Corset liners are generally made of lycra or spandex, the problem with these materials is that they do not breathe. So for all this talk of how they protect your skin and the corset I would say that the opposite is true. Spandex and lycra will make you sweat especially when you put a proper corset over the top.

When it comes to underbust corsets,  most people wear them as outerwear over a shirt, this basically makes the shirt a liner. If you intend to wear it as underwear against bear skin and you are worried about damage to the corset, save your money and buy a pack of cheap Cotton vest tops. If you have a corset that is lined in cotton this will also help matters. Natural fibers allow your skin to breathe and will reduce the amount you sweat and you can generally buy 5 cotton vest tops for the price of a corset liner.

It is best to buy vest tops that are too small so that they are skin-tight. You can do this with overbusts as well. If you are worried about the vest top showing, put it on but don’t put your arms through the straps, then just fold down the excess. Another option is to just cut off the excess of the vest top you don’t want, cotton jersey generally doesn’t fray.

So there you have it, you can now “make ” a whole bunch of corset liners for next to nothing!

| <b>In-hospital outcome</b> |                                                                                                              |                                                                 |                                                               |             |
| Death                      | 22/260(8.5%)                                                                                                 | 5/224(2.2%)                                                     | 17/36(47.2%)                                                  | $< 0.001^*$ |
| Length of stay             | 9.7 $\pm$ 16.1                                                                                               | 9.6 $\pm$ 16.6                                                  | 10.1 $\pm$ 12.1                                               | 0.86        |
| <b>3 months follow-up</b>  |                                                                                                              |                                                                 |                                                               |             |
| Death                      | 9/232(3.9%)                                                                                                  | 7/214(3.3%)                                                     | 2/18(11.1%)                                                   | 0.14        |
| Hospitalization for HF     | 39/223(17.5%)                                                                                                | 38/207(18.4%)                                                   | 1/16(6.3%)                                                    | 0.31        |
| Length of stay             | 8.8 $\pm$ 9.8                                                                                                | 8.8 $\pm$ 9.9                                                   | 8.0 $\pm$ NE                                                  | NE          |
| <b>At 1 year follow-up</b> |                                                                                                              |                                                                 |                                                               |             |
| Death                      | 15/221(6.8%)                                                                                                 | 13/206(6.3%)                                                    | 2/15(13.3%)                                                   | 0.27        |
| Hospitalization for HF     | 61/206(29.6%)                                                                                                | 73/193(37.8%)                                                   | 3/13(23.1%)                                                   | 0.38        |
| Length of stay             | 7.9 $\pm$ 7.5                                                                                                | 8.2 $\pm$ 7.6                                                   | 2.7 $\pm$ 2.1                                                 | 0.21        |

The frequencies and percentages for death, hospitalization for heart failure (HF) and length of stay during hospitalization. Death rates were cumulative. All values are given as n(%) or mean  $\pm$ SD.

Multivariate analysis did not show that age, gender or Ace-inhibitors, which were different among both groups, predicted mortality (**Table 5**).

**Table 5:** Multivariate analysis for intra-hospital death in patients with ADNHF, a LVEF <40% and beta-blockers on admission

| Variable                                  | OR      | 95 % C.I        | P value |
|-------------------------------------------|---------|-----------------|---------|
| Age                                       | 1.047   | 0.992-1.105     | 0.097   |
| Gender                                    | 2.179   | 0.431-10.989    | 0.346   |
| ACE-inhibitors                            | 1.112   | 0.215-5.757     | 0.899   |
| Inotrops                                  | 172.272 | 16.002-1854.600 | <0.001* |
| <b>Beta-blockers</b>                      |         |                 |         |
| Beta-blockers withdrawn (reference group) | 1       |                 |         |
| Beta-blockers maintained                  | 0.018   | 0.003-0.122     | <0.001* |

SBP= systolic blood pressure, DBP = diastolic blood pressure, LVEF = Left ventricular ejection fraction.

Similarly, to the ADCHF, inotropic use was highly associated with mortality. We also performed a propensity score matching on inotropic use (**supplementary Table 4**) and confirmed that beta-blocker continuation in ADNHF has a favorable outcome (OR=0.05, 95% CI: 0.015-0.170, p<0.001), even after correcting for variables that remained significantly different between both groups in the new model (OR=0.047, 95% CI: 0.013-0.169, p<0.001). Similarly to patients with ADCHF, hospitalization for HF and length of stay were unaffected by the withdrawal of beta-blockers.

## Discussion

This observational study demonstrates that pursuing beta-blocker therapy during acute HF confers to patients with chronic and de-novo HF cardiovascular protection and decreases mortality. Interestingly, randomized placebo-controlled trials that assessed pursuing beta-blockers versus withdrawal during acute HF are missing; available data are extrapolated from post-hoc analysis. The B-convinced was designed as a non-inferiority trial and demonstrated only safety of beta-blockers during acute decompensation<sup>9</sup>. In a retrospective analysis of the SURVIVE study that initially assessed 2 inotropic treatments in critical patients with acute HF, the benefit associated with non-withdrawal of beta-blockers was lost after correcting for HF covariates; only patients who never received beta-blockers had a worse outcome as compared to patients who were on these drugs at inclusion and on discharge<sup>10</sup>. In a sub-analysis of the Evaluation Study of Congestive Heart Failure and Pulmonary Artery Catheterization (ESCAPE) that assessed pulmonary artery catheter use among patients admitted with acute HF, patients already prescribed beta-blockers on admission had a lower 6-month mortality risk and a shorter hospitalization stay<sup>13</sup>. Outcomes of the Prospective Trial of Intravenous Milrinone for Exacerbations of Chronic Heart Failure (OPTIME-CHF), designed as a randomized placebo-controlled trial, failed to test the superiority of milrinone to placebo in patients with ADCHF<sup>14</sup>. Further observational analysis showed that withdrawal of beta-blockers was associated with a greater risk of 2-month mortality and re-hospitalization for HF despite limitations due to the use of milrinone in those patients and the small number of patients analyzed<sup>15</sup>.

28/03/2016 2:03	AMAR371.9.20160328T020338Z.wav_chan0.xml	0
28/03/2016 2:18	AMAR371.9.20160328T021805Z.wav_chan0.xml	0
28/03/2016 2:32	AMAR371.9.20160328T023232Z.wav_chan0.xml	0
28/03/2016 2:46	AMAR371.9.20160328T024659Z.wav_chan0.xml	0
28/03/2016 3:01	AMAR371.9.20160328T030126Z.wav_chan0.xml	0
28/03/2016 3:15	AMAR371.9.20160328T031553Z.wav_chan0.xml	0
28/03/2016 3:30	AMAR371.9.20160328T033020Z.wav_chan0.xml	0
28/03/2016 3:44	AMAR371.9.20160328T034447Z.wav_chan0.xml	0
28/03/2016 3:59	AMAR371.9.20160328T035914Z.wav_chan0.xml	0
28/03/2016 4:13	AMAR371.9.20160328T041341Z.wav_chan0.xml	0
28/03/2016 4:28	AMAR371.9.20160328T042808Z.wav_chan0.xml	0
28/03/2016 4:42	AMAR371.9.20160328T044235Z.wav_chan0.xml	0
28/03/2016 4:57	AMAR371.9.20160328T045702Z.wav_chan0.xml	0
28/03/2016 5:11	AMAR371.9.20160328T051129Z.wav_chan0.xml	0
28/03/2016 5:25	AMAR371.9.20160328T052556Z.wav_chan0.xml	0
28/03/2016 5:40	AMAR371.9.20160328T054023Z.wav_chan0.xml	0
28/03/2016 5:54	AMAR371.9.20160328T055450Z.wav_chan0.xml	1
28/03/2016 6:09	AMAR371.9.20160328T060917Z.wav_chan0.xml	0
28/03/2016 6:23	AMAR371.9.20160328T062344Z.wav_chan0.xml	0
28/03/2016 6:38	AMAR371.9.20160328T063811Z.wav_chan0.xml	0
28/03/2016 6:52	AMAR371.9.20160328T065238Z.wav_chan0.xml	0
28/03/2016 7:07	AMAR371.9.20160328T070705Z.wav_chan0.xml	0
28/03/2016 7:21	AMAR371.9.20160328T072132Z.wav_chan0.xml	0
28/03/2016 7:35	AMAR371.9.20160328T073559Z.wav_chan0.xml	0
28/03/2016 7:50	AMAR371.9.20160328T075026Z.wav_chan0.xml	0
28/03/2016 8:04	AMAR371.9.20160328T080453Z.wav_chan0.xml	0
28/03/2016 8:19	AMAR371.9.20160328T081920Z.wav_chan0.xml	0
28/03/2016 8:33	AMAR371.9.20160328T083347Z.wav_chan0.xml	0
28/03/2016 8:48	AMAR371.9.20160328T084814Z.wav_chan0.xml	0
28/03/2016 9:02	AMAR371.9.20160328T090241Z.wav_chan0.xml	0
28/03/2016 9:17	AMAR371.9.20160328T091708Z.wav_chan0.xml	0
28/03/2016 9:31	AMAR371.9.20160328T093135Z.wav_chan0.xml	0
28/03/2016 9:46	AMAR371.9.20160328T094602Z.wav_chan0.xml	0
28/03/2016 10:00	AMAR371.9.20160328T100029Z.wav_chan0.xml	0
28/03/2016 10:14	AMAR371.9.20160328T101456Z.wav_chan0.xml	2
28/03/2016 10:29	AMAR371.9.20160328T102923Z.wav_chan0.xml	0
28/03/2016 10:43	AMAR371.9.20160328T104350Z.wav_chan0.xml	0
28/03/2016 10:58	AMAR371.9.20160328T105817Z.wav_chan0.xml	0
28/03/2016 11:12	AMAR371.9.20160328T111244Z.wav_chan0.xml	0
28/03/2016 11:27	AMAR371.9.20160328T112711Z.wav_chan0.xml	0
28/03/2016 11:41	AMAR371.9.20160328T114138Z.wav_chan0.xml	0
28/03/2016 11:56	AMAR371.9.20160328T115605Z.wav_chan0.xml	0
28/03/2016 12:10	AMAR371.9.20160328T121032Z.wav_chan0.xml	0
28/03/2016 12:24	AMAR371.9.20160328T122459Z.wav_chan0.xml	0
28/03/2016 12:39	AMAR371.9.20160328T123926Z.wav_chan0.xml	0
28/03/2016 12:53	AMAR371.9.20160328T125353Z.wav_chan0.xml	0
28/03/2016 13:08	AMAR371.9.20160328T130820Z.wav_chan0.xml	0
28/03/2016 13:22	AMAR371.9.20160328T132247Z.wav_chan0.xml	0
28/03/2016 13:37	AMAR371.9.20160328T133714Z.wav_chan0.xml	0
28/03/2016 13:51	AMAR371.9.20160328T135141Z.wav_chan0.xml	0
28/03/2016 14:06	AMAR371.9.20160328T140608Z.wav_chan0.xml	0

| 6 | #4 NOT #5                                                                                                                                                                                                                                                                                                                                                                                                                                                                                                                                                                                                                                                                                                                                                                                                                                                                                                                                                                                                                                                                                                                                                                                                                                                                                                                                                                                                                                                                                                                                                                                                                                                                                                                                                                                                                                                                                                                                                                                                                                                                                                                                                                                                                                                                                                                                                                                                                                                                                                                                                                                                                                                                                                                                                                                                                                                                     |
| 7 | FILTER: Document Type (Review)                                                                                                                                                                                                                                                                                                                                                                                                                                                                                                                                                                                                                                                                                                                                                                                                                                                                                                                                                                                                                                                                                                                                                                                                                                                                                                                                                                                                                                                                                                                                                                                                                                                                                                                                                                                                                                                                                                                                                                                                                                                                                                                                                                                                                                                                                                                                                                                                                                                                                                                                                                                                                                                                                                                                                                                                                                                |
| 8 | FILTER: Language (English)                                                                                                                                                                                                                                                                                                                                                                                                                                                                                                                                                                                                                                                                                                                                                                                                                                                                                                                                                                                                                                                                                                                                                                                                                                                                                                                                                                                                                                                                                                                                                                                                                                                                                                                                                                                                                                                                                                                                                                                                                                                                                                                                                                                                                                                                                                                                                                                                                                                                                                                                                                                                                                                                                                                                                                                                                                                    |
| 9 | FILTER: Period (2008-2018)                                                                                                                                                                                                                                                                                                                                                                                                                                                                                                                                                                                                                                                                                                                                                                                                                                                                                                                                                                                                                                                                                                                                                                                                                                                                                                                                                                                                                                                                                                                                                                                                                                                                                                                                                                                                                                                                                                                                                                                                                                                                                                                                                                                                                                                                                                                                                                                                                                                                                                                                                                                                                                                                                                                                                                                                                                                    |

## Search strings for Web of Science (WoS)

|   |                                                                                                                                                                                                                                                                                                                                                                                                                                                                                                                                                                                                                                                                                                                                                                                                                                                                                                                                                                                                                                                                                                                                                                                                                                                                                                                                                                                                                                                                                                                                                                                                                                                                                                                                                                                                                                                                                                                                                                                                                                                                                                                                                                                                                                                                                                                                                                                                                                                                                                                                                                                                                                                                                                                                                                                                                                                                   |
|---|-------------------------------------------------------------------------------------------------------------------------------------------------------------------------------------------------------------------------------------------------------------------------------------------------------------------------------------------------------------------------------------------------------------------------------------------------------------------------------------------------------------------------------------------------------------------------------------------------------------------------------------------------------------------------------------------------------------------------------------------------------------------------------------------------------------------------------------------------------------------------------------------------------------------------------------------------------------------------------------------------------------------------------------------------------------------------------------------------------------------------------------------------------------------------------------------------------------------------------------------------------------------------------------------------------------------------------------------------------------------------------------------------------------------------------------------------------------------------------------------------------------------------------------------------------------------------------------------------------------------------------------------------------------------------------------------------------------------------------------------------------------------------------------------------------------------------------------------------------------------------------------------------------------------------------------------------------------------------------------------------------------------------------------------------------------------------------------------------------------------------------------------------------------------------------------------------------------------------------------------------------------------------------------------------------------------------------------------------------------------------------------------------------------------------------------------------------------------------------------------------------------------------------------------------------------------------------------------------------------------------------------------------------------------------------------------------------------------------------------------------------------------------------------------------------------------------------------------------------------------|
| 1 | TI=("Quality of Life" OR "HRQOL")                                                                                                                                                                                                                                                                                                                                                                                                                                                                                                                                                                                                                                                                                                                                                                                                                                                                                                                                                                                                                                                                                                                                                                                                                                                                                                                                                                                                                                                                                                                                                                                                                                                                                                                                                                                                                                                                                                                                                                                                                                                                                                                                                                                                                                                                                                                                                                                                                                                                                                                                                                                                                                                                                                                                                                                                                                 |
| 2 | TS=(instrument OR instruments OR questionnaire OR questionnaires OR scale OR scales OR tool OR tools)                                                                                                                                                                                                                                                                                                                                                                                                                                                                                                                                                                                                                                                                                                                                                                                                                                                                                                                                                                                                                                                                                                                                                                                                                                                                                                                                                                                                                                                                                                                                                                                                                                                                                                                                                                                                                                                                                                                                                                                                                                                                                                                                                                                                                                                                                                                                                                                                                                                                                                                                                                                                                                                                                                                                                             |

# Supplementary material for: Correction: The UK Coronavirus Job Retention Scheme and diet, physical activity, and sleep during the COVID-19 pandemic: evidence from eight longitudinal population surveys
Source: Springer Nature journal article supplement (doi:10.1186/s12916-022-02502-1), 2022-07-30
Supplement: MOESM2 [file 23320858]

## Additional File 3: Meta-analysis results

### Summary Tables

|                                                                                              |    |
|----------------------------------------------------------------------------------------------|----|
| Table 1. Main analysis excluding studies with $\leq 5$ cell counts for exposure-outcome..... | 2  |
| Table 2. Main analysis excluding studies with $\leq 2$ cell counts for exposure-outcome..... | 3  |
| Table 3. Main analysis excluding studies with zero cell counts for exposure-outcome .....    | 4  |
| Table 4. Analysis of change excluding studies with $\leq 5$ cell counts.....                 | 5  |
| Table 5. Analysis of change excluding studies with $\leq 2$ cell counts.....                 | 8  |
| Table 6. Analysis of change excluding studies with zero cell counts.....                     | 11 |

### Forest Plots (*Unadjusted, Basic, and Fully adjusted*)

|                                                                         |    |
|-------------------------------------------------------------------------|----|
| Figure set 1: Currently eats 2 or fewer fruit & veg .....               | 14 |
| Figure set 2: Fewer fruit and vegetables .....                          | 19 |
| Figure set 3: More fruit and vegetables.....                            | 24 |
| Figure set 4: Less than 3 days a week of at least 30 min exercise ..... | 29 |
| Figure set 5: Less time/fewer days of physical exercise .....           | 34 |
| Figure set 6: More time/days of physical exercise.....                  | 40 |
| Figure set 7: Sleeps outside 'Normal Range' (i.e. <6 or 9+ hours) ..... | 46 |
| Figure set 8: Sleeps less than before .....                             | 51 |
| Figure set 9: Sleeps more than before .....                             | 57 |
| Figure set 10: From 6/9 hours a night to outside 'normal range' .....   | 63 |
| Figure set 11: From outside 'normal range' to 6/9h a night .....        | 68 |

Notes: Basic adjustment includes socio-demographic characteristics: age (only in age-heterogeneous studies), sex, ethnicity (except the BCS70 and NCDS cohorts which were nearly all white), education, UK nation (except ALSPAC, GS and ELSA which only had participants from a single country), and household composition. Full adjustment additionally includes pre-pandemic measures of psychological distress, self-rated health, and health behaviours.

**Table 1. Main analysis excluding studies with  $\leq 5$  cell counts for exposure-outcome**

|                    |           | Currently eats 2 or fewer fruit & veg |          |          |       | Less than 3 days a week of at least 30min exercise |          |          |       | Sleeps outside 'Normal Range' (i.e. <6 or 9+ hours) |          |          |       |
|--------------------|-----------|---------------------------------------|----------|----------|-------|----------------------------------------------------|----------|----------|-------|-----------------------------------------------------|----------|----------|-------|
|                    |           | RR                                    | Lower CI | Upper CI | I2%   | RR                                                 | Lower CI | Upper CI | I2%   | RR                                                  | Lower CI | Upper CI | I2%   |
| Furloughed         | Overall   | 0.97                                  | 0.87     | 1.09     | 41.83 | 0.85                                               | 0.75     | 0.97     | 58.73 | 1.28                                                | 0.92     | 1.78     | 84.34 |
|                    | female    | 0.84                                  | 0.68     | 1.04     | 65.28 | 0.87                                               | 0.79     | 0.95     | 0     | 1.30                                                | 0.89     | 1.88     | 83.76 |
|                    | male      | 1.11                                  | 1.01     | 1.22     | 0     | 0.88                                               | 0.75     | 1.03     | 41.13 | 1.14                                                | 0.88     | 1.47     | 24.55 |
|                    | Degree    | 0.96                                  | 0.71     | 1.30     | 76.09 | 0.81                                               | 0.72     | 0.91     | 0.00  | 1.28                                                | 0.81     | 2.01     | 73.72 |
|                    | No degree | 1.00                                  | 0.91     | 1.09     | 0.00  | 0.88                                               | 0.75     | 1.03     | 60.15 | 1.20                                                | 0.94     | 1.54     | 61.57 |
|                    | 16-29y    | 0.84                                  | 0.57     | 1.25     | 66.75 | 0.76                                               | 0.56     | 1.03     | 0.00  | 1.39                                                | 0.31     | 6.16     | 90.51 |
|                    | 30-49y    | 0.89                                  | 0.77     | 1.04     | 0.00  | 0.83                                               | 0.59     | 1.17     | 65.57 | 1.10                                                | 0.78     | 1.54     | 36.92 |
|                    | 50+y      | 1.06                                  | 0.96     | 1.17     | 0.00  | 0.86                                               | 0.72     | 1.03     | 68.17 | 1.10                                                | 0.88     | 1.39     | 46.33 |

Best of luck, let me know what you think by commenting below.

 

An overiew of my corset blog. November 24, 2009

Filed under: About Corsets — Another Lone Gunman @ 9:02 am

What are my intentions for this blog?

Over time I would like to build up a useful resource for people interested in getting a corset, for those that already own a corset and for those that just love everything about corsets.

I would like to help people make more informed choices when buying a corset, detailing what aspects to look for and what to avoid. How to care for these majestic items and just generally inspire a love of corsets.

I would love it you would engage with me, commenting and asking questions. My years of researching, experimenting with and making corsets has developed a large amount of knowledge that I would like to share with you.But I need you to tell me what you want to know about.

Who am I?

I am a Tailor who makes both men’s and women’s wear with a specialty in corset making. I have been making Corsets and clothing professionally for  5 years under the watchful eye of Susan Gillard who has been sewing her entire life.